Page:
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For those younger readers who may be unfamiliar, (call me an "A.K." if you wish) pie throwing was a common comedic scene and activity in several movies and T.V. skits such as The 3 Stooges (nyuk nyuk).

There are several places that are trying to re-create these "older" films and comedy bits using pie throwing.

Can a Jew participate in these pie throwing scenes if the pie cream is non kosher? The idea of these scenes, of course, is not to eat the cream pies, but, inevitably, when you are hit with a pie and have cream all over your face, you are quite likely to lick it off just to clean yourself a bit, or some of the cream will probably go into your mouth, anyway as soon as you are hit with the pie.

In short, the kavana is not to eat / taste. Does this lack of kavana nullify any problem of eating non-kosher cream?

Additional Aspect added:

What if the crust contains lard? With the cream top, would this now be an instance of basar b'chalav (meat & dairy) as lard comes from pig's fat? Or is there no such issue as pig is non-kosher?

(FYI - Mr. Goldwyn and Mr. Mayer are no longer alive to direct this film, so there is no chance to request the director to buy only kosher pies!)

  • I'd read they usually use shaving cream these days, which would be permissible. – Shalom Jul 9 '15 at 18:11
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Assuming the pie is actually edible and tasty (as opposed to shaving cream), if he is licking it and swallowing it, that is what the halachik definition of eating is. That his intent is otherwise should be irrelevant, as we find that even misasek (unintended action) by chalavim (forbidden fats) and arayot (forbidden sexual unions) is chayyiv (obligated) a korban (offering), shechen neheneh (for indeed he derived pleasure; see e.g. Sanhedrin 62b; see also: http://www.dafyomi.co.il/sanhedrin/insites/sn-dt-062.htm). Assuming the pie has a pleasant taste, it is certainly no better than toothpaste which is itself at best controversial, and indeed none of the leniencies invoked by toothpaste would apply to a completely edible and non-kosher pie, meaning that there should be no room for leniency if the pie will be tasted. (Additionally, even if there is no concern that the actor would taste the pie [nor that he might lead others to assume that he did, or that to do so is permissible], there might still be a problem of benefiting from the pie if it might be basar b'chalav [meat product cooked with dairy]. On the other hand, it could be argued that most cream pie recipes do not contain any truly non-kosher ingredients, so the only really plausible issue is afiyat akum which is not an issur hana'ah [prohibition even regarding indirect benefit]. There is no issur hanaah if the "meat" [e.g. lard] is from a non-kosher animal (since the biblical prohibition of basar b'chalav only applies to kosher behemot [cattle, sheep, and goats]).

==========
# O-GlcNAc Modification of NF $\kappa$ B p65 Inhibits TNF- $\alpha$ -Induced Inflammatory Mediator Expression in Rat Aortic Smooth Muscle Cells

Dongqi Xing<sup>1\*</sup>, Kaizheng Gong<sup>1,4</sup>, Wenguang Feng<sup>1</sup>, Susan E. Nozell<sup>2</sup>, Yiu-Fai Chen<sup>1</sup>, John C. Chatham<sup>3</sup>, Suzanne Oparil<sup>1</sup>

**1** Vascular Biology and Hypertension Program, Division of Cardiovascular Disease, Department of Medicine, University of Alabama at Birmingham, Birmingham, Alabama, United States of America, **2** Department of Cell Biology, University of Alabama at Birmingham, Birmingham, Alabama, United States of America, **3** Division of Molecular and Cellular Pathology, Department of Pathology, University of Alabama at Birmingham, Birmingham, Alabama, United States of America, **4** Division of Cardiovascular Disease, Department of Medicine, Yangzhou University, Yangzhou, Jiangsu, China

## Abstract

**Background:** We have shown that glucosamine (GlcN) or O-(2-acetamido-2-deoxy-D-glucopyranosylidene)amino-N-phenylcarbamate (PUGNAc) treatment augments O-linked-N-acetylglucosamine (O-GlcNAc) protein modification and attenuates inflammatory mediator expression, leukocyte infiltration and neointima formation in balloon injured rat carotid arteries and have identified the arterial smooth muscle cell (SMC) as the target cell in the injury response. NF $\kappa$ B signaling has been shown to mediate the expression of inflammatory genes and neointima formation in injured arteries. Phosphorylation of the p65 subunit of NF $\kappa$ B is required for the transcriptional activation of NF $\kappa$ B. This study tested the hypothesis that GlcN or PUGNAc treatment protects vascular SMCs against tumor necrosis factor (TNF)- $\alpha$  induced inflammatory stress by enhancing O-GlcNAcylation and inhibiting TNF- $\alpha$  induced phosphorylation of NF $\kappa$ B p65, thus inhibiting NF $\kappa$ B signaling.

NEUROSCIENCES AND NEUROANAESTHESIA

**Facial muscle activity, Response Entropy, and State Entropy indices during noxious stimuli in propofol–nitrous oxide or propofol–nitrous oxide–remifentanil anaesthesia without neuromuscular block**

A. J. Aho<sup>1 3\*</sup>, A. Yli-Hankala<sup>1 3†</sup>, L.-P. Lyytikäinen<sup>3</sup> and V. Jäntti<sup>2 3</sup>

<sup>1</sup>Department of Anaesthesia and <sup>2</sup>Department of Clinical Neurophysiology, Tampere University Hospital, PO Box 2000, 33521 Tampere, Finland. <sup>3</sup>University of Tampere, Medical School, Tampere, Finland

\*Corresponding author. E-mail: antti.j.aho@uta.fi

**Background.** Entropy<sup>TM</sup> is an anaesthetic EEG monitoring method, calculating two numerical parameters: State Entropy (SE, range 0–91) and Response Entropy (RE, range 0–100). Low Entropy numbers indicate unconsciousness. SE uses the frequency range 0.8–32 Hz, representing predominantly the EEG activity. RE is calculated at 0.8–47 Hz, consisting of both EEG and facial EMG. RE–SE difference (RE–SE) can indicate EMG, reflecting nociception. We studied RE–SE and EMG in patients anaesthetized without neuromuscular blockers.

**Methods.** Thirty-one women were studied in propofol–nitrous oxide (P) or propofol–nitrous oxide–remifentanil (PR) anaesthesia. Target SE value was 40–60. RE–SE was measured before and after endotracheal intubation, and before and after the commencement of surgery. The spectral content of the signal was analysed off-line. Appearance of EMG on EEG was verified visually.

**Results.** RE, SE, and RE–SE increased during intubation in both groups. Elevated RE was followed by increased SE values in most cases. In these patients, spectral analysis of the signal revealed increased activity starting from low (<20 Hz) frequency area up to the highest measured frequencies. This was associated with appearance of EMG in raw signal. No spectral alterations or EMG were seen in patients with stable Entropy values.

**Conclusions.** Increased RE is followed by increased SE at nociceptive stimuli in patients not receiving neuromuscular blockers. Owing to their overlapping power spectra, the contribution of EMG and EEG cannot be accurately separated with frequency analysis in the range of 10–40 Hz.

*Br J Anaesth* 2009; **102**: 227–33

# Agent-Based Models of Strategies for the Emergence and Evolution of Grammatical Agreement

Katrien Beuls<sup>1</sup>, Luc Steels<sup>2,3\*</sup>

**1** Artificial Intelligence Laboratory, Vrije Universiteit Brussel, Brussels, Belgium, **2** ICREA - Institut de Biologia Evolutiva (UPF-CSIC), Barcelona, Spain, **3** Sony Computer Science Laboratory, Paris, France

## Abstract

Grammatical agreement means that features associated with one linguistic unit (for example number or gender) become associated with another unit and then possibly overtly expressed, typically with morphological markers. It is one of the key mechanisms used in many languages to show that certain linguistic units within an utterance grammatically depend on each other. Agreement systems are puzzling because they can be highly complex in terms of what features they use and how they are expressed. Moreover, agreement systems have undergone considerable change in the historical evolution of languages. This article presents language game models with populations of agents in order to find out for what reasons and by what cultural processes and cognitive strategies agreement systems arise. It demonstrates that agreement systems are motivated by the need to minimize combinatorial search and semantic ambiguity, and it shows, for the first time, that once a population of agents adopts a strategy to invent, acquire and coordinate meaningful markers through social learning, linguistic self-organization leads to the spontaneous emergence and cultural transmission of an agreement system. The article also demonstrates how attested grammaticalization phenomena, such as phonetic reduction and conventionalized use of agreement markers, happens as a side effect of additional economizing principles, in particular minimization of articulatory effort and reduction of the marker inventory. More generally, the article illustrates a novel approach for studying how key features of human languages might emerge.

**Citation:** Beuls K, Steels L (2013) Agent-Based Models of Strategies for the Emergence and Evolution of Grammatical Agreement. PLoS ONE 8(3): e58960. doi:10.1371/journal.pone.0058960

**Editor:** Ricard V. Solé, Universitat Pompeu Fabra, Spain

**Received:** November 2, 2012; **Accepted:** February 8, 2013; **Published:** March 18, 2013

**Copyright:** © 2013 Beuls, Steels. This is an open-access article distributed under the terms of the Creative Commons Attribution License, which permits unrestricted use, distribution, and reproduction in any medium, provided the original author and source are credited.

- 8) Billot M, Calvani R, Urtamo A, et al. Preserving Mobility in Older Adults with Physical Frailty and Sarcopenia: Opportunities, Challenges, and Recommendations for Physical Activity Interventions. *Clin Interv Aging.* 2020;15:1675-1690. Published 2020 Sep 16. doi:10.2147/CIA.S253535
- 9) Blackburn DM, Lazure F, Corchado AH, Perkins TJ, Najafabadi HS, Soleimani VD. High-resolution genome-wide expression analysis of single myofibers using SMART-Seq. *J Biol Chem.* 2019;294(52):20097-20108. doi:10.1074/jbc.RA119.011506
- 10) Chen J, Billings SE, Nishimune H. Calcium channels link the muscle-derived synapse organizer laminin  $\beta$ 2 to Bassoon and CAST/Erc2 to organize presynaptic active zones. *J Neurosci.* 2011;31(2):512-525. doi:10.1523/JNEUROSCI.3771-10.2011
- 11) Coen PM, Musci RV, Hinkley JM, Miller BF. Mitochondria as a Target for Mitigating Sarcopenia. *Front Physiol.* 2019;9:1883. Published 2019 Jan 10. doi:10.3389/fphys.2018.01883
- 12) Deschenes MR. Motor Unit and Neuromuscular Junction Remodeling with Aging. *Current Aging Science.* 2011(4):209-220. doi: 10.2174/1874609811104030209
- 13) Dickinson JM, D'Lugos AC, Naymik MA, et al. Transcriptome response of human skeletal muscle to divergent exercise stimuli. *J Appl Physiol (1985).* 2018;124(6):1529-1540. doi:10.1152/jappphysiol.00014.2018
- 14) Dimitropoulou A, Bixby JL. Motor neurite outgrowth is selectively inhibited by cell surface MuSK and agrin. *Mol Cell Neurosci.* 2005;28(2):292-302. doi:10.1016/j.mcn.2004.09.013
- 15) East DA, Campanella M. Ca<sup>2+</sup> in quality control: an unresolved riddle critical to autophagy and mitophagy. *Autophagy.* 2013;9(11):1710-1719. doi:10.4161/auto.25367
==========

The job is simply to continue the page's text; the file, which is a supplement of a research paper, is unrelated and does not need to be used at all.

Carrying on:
• Mos such pies use shaving cream or the like (according to articles on movie making that I have seen) rather than real edible pies This would make a difference in the analysis. – sabbahillel Jul 9 '15 at 17:59
  • @sabbahillel Agreed. I believe that is what is used today, as it's cheaper and perhaps, easier to use; maybe easier to clean. But, I asked my question intentionally using the assumption that the ingredients were edible. – DanF Jul 9 '15 at 19:15
  • Thanks for the editing and the detailed analysis. Meat & dairy combo, is probably not a concern, here, as it's a pie crust and cream. Perhaps, now that I think it over, the crust might contain lard, in which case, the actor couldn't even throw a pie back! Am I making a correct assumption on this aspect? – DanF Jul 9 '15 at 19:19
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    @DanF Lard is from a pig. To my knowledge, there is no issur hanaah if the meat is from a non-kosher animal (since the biblical prohibition of basar b'chalav only applies to kosher behemot). – Loewian Jul 9 '15 at 20:28

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